|a yacc grammar for palindromes? firstname.lastname@example.org (1995-03-31)|
|Re: a yacc grammar for palindromes? email@example.com (1995-04-04)|
|Re: a yacc grammar for palindromes? firstname.lastname@example.org (1995-04-14)|
|Re: a yacc grammar for palindromes? email@example.com (1995-04-10)|
|Re: a yacc grammar for palindromes? firstname.lastname@example.org (Parag V. Tijare) (1995-04-12)|
|Re: a yacc grammar for palindromes? email@example.com (1995-04-12)|
|Re: a yacc grammar for palindromes? firstname.lastname@example.org (1995-04-19)|
|From:||email@example.com (William D Clinger)|
|Organization:||College of CS, Northeastern University|
|Date:||Wed, 19 Apr 1995 15:14:41 GMT|
firstname.lastname@example.org (Henry Baker) writes:
>Vaughan Pratt's 'Lingol' parsing system (quite different from his parser
>which was used in Macsyma) is an O(n^3) algorithm.
In 1970, Earley's algorithm proved that all context-free languages
could be parsed in O(n^3) time:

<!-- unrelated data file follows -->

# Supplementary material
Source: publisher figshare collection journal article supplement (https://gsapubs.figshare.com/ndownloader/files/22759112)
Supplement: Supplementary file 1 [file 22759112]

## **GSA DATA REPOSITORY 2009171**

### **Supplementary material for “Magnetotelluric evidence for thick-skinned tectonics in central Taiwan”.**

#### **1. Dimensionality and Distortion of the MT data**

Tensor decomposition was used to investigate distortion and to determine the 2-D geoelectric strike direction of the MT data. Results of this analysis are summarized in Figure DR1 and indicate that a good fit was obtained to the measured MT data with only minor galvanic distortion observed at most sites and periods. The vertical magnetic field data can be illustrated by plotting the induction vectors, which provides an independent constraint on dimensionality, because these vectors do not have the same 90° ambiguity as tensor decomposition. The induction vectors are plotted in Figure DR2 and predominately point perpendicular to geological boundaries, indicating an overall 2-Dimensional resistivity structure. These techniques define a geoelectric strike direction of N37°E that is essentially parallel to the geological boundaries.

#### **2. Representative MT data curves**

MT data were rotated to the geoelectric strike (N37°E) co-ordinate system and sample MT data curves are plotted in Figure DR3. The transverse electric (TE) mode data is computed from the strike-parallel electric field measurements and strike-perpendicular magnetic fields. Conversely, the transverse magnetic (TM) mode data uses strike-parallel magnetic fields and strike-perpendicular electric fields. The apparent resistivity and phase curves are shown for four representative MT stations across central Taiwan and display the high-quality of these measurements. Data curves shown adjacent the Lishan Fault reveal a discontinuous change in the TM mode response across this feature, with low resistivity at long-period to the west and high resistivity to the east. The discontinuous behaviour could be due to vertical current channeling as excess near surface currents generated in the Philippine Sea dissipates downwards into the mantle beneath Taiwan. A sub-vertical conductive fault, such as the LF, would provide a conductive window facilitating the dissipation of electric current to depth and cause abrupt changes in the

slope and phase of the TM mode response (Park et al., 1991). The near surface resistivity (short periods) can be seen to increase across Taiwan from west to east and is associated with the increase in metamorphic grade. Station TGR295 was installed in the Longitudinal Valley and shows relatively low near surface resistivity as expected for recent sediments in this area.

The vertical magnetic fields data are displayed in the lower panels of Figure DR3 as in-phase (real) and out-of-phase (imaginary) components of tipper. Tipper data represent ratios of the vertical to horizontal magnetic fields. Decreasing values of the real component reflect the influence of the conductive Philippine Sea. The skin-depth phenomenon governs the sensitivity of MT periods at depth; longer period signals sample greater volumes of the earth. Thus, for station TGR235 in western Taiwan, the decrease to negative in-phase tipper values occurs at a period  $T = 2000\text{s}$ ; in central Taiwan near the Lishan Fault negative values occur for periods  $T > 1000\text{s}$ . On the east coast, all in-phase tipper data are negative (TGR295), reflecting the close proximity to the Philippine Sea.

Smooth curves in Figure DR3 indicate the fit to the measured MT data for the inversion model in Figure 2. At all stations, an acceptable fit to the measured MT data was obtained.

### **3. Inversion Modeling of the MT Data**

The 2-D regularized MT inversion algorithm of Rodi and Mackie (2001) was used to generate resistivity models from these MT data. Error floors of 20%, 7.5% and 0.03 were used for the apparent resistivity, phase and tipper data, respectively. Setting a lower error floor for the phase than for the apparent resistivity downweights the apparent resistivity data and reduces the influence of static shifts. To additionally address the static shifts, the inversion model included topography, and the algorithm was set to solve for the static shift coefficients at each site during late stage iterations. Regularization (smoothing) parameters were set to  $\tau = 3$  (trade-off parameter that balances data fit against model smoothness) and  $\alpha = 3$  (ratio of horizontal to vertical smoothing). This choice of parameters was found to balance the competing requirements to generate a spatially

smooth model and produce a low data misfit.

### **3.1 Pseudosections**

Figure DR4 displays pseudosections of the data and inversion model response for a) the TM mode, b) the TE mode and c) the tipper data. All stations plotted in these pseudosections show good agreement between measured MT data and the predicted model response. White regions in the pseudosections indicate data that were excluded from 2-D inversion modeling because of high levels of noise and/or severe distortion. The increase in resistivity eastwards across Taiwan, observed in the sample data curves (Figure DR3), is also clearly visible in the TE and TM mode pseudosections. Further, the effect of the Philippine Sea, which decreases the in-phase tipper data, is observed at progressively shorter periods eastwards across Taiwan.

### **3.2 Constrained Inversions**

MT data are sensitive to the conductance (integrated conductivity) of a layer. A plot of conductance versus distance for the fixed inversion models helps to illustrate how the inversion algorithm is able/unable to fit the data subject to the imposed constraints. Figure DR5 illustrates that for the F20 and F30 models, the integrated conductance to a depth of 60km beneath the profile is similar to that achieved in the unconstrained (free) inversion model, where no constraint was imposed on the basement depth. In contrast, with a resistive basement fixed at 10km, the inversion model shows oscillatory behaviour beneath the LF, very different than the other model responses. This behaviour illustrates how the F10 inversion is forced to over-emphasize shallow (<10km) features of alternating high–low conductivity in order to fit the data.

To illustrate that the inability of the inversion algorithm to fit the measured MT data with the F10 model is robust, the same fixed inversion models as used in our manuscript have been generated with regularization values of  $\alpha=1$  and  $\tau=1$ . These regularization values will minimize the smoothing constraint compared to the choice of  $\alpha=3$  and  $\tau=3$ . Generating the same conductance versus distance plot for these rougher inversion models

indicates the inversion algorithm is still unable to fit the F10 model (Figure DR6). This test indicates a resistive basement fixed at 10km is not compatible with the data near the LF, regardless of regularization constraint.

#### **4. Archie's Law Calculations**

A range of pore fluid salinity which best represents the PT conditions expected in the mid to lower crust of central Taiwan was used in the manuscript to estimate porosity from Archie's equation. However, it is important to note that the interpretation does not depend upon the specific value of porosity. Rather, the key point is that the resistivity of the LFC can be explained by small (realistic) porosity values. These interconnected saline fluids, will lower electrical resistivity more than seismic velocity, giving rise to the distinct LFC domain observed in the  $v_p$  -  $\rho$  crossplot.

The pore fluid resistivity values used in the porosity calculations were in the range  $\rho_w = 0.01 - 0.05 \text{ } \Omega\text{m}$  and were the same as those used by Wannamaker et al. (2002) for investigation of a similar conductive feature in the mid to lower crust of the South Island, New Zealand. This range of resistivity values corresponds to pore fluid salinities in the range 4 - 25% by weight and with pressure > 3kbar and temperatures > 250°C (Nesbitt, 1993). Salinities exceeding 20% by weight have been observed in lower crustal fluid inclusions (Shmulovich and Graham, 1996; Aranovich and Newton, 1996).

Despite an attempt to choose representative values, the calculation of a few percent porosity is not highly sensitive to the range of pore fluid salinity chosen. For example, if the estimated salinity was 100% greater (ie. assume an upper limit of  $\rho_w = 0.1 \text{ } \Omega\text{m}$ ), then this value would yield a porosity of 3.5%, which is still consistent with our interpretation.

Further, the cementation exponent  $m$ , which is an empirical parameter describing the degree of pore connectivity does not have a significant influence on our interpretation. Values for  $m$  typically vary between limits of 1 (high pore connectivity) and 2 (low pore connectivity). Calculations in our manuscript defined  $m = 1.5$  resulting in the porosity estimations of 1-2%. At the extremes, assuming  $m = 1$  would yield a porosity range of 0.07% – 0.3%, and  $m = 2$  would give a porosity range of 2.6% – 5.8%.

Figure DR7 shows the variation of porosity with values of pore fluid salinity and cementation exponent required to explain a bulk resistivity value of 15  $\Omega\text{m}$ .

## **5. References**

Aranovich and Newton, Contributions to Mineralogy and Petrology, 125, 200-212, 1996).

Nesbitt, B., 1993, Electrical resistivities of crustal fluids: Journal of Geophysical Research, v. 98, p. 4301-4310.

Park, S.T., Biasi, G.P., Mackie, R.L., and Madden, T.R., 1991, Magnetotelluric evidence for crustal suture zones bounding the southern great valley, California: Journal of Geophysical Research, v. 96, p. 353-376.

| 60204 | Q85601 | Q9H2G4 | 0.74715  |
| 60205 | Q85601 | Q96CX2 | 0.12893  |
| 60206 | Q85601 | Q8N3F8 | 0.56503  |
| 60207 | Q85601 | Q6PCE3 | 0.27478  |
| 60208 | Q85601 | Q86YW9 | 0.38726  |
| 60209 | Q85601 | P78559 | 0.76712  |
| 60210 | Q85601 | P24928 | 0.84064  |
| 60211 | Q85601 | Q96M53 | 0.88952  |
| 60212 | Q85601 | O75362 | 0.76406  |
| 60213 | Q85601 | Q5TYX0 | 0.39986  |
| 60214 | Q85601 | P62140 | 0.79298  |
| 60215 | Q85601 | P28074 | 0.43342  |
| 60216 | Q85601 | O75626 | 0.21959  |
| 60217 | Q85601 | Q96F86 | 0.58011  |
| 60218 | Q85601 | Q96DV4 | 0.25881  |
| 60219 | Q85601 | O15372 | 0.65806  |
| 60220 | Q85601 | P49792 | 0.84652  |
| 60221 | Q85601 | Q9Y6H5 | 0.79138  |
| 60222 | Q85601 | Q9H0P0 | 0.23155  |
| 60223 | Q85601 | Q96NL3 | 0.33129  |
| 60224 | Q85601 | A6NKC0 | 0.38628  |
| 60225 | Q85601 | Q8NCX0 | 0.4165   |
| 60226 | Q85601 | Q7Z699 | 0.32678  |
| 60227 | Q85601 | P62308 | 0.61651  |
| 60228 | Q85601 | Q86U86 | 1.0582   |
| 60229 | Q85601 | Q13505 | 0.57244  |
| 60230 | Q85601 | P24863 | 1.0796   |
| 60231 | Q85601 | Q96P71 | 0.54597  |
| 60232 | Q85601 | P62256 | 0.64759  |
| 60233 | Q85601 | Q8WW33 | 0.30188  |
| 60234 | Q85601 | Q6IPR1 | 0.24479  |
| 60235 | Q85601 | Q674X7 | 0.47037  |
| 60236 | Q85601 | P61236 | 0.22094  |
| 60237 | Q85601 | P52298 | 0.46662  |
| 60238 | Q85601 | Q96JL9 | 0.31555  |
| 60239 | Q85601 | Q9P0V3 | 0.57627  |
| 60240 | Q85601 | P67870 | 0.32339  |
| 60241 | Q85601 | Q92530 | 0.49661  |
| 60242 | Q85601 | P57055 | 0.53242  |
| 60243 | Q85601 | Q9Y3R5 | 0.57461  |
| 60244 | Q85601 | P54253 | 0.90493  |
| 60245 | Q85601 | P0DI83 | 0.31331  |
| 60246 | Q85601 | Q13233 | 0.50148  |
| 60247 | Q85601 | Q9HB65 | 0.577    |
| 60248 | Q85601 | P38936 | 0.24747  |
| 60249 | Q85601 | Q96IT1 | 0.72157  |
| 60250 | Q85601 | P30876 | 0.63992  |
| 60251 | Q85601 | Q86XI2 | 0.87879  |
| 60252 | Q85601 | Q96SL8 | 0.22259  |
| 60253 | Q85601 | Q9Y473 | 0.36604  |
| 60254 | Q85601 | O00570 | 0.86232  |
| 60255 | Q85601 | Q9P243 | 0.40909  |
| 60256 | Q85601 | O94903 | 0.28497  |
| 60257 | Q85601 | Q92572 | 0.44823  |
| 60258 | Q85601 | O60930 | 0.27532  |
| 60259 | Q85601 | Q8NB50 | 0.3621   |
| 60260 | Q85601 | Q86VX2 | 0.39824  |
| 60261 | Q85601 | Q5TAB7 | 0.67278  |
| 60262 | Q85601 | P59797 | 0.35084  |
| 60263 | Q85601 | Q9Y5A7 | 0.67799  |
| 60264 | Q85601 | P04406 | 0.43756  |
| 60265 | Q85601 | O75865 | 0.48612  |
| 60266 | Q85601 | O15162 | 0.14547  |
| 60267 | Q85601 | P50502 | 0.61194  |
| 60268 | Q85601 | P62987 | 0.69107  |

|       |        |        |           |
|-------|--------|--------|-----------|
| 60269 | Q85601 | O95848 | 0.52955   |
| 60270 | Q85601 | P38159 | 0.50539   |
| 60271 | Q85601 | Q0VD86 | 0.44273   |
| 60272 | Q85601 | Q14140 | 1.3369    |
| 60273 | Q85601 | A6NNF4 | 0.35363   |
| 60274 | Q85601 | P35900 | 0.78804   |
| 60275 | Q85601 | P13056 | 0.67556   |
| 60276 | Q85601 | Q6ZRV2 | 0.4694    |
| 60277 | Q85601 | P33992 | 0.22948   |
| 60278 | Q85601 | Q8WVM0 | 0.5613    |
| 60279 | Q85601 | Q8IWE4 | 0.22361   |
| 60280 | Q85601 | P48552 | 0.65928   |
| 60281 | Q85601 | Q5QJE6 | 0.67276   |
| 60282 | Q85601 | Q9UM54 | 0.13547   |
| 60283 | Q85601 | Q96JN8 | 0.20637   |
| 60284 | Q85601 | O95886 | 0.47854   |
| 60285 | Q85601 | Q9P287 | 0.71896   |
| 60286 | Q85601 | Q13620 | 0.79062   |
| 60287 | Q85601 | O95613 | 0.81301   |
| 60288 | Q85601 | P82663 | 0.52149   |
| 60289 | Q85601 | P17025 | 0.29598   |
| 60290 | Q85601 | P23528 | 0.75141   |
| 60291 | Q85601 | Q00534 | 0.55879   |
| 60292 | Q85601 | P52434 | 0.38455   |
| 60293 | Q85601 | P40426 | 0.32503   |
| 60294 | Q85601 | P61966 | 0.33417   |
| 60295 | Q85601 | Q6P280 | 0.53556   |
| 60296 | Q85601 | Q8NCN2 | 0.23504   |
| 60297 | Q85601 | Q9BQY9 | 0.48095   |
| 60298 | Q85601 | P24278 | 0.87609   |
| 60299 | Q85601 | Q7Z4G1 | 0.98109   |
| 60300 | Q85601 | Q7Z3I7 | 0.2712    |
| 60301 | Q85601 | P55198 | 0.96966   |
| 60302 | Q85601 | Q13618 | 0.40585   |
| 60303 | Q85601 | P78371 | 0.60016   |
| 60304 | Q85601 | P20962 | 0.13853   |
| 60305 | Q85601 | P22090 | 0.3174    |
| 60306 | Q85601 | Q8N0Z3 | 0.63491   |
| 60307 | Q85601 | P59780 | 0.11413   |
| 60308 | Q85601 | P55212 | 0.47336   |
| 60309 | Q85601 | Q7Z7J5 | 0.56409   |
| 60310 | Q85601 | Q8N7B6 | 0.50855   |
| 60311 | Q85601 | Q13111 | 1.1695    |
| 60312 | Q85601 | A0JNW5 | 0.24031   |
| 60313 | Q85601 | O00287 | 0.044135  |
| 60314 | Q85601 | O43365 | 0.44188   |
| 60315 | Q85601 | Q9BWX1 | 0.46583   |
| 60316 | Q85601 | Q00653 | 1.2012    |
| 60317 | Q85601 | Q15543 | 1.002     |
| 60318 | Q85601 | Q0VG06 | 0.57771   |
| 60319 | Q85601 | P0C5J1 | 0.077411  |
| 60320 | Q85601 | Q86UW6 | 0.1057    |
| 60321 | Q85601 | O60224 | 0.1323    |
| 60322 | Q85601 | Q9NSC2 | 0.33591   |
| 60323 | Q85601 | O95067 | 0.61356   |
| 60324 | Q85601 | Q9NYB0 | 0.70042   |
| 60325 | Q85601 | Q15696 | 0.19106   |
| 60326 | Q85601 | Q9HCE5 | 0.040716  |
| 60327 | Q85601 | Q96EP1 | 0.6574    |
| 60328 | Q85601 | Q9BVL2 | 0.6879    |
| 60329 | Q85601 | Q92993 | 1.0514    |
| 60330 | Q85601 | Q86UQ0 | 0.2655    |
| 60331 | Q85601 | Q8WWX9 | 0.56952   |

Earley, J. An efficient context-free parsing algorithm.
CACM 13(2), 1970, pages 94--102.
I think Earley's algorithm runs in O(n^2) for unambiguous grammars,
and runs in O(n) time for LR(0) grammars. The palindrome grammar is
unambiguous, so palindromes are recognizable in quadratic time using
Earley's algorithm (if I recall correctly).
For general context-free grammars, the fastest known parsing
algorithm seems to run in O(n^a) time, where a = log_2(7) is
Valiant, L. General context-free recognition in less than
cubic time. Journal of Computer and System Sciences 10(2),
1975, pages 308--315.
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